# Clarification on tetration

So far when I looked at tetration I noticed it had a recursive relation. It's $t_2=2^{(t_1)}.$

For example if we start at point $(0,1)$, we can take the x-value of $0$, and $2^0=1$, then we take $1$ and get $2^1=2$, and so on, for $^{x} 2$.

\begin{align} & (0,1)\\ & (1,2) \\ & (2,4) \\ & (4,16) \\ & (16,65536) \\ \end{align}

If you take this relation you basically get all the integers for $^{x} 2$. If it is all raised by $2$. We can find $1/2$ between each integer by using $x^{x^{(t_1)}}=(t_2)$, which will give the intermediate values.

However, unlike exponents, and addition, there is no similarity to the "x's" between each integer.

For example, if we take the function $2^x$, and take $1.5$, you would get $2\sqrt{2}$, and if you multiply by $\sqrt{2}$ you get $4$. For each $1/2$ between each integer the factor was by $\sqrt{2}$.

However the (x's) for tetrations are different. Also if you divide by $1/4^{th}$ you would $x^{x^{x^{x^{(t_1)}}}}=2^{(t_1)}$. However if you take $x^{x^{(2^{(t_1)})}}$, it's not equal to the half intervals.

Also if you take the inverse of $2^{(t_1)}$ you would get $\log_2(t_1)$ , so lets take $\log_2(t_1)=1$, we get $0$, but if we take $\log_2(t_1)= 0$ , it would be undefined, (some would argue it's $-\infty$).

So what are all the requirements for a real continuous tetration function? What are the problems with Kneser's method, if any? Do you personally think there is a solution to a "tetration function"?

• Arbuja, here is a MathJax tutorial : meta.math.stackexchange.com/questions/5020/… . [Please check the edit, I replaced 2^^x with 2^x ,I'm not sure whether 2^^x is anything.] – Kushashwa Ravi Shrimali Jun 30 '14 at 1:10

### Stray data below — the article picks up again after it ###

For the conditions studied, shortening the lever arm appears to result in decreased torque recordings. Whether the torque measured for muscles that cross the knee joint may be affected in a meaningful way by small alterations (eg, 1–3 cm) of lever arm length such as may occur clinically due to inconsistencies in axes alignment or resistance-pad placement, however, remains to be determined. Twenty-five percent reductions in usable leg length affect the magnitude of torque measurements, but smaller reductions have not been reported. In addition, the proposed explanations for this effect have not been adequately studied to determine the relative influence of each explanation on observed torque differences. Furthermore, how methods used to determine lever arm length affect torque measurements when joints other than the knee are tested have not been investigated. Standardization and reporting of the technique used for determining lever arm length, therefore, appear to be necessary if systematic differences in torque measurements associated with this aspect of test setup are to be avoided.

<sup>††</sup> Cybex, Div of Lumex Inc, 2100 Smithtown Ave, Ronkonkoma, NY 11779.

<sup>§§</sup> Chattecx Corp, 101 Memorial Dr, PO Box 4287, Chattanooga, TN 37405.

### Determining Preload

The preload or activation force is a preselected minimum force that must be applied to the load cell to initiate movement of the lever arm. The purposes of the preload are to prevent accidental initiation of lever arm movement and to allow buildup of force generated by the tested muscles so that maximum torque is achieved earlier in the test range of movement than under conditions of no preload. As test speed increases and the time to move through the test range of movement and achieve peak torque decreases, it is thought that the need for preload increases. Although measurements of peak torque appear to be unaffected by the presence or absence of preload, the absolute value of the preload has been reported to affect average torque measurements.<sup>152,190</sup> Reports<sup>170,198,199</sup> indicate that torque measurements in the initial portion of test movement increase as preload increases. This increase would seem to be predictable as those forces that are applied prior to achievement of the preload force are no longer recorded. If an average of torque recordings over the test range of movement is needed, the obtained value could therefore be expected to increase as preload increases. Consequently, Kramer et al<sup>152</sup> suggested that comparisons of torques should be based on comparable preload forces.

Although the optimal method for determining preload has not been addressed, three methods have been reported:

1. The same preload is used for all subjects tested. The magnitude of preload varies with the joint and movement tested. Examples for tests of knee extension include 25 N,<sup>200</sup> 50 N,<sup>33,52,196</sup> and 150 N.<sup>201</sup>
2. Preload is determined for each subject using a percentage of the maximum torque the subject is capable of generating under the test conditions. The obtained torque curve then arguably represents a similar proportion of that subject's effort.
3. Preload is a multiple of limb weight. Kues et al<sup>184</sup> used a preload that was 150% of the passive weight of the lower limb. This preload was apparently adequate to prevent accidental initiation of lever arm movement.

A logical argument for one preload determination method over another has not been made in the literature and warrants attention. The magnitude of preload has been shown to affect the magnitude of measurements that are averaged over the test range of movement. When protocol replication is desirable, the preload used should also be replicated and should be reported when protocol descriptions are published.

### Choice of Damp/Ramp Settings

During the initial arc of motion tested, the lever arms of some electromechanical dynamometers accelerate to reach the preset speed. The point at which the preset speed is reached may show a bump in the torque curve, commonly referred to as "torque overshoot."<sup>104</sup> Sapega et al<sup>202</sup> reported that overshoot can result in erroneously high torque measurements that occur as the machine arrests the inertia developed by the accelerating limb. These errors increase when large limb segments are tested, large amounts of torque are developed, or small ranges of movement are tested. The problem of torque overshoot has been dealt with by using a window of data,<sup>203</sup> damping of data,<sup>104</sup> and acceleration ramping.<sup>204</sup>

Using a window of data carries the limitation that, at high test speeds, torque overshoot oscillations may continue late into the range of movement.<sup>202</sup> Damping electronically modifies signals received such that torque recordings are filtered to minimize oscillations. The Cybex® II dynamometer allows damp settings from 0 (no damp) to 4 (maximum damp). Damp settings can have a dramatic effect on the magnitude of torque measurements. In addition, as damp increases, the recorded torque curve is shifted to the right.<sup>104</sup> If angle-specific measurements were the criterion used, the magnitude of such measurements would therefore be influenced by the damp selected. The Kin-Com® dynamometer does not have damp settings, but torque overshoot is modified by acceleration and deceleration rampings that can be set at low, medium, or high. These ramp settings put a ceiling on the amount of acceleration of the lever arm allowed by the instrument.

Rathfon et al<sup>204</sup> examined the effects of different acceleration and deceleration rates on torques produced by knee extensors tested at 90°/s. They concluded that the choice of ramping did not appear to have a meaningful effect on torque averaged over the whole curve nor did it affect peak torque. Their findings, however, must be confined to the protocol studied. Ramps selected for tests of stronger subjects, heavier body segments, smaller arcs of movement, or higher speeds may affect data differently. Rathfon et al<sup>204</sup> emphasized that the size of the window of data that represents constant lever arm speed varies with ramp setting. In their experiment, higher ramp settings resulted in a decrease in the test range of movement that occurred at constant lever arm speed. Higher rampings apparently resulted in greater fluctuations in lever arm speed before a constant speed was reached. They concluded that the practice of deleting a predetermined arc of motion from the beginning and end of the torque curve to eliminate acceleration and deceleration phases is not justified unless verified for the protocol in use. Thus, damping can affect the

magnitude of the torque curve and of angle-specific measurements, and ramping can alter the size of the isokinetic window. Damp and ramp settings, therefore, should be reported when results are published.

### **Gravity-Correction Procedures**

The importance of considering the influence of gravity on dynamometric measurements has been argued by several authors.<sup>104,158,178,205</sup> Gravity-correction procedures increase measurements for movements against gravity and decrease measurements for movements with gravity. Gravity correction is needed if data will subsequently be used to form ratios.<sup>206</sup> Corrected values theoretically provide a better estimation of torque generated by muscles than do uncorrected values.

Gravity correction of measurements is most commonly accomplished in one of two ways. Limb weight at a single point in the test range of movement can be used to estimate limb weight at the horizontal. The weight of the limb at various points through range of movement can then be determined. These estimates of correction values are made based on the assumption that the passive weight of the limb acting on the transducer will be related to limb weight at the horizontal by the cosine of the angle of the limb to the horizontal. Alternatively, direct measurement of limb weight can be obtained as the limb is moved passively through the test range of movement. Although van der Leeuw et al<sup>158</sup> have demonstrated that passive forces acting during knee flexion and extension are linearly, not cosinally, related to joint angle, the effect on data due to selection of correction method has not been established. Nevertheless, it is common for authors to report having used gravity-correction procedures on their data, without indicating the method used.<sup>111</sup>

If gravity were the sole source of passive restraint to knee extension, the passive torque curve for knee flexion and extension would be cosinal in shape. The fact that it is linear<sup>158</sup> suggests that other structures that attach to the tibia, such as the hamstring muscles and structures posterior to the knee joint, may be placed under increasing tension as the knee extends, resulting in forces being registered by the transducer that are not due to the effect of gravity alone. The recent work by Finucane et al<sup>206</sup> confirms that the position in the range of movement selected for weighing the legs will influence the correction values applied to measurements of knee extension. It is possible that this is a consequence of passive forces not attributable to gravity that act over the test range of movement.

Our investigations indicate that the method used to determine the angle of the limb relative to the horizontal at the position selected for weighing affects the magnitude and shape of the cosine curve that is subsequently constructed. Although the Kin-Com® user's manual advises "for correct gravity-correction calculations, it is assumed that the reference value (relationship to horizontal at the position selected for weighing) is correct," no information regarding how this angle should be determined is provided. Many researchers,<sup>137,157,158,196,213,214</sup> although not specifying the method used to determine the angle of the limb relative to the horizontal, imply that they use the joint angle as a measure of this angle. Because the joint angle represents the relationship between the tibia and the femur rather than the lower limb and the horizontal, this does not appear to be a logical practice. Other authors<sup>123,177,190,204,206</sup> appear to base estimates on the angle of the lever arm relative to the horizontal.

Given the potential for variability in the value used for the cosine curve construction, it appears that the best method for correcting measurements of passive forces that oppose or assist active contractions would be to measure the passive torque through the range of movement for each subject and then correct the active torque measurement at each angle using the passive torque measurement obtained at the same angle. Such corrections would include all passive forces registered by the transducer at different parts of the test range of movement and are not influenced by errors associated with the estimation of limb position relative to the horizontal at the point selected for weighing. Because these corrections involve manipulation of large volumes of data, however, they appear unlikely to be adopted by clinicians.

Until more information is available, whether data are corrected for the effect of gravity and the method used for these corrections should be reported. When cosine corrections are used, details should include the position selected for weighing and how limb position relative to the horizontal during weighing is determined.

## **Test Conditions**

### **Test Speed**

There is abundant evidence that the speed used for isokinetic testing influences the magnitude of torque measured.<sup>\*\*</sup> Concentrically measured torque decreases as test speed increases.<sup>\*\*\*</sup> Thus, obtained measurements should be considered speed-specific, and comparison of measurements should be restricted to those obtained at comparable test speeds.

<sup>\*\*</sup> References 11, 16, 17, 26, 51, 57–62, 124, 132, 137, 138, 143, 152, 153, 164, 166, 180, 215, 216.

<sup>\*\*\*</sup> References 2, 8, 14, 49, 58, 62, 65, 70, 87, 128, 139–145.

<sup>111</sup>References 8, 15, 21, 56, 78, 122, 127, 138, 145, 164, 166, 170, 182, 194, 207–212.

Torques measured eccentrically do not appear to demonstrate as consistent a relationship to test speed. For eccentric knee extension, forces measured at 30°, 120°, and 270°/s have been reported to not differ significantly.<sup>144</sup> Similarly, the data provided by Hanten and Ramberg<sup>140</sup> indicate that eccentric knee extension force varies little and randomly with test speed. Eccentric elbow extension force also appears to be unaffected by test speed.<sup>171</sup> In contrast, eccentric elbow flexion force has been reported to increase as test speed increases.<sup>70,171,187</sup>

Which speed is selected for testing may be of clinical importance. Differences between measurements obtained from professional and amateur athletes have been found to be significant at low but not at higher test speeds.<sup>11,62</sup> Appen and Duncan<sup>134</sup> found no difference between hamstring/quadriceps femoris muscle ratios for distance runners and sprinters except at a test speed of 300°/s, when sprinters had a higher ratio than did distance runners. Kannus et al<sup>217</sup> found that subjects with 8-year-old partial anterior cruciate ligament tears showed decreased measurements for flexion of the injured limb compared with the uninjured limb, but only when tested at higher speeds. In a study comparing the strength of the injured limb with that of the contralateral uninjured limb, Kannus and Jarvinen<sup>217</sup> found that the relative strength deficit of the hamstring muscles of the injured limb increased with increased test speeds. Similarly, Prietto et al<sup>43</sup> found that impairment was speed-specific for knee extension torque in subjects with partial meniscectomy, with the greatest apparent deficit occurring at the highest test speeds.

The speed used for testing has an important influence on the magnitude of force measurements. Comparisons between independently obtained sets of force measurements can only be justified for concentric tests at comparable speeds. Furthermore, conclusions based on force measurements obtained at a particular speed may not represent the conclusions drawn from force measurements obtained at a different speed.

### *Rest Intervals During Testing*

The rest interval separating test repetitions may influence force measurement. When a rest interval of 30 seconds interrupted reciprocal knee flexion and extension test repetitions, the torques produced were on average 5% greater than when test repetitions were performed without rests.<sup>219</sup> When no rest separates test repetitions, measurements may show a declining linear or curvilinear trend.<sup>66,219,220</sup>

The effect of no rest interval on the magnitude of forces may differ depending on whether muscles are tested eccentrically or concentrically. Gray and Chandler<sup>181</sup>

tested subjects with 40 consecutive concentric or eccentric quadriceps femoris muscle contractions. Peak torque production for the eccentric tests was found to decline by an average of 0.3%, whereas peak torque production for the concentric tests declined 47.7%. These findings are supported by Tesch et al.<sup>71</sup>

• 2^^x refers to the tetration function. It should look in standard form a subscript on the upper left, and the base on the normal level right. – Arbuja Jun 30 '14 at 2:01
• I already made the edits, thank you so much Kushashwa. – Arbuja Jun 30 '14 at 2:20
• Oh, fine! I didn't about the tetration function, sorry! And you're most welcome :) – Kushashwa Ravi Shrimali Jun 30 '14 at 5:24
• Kneser's method is the best, and other analytic methods give the same results (to the limit of numerical accuracy); for example, Kouznetsov's Cauchy method, and Peter Walker's matrix approach, which calculates the slog inverse of Tetration with systems of numerical equations. There are some interesting methods that turn out to be $C^\infty$, but not analytic. There are trivial piecemeal approaches that are continuous, and differentiable but have discontinuous 2nd derivatives. Kneser's method is really the best. Check out math.eretrandre.org/tetrationforum/index.php for details. – Sheldon L Jul 1 '14 at 14:51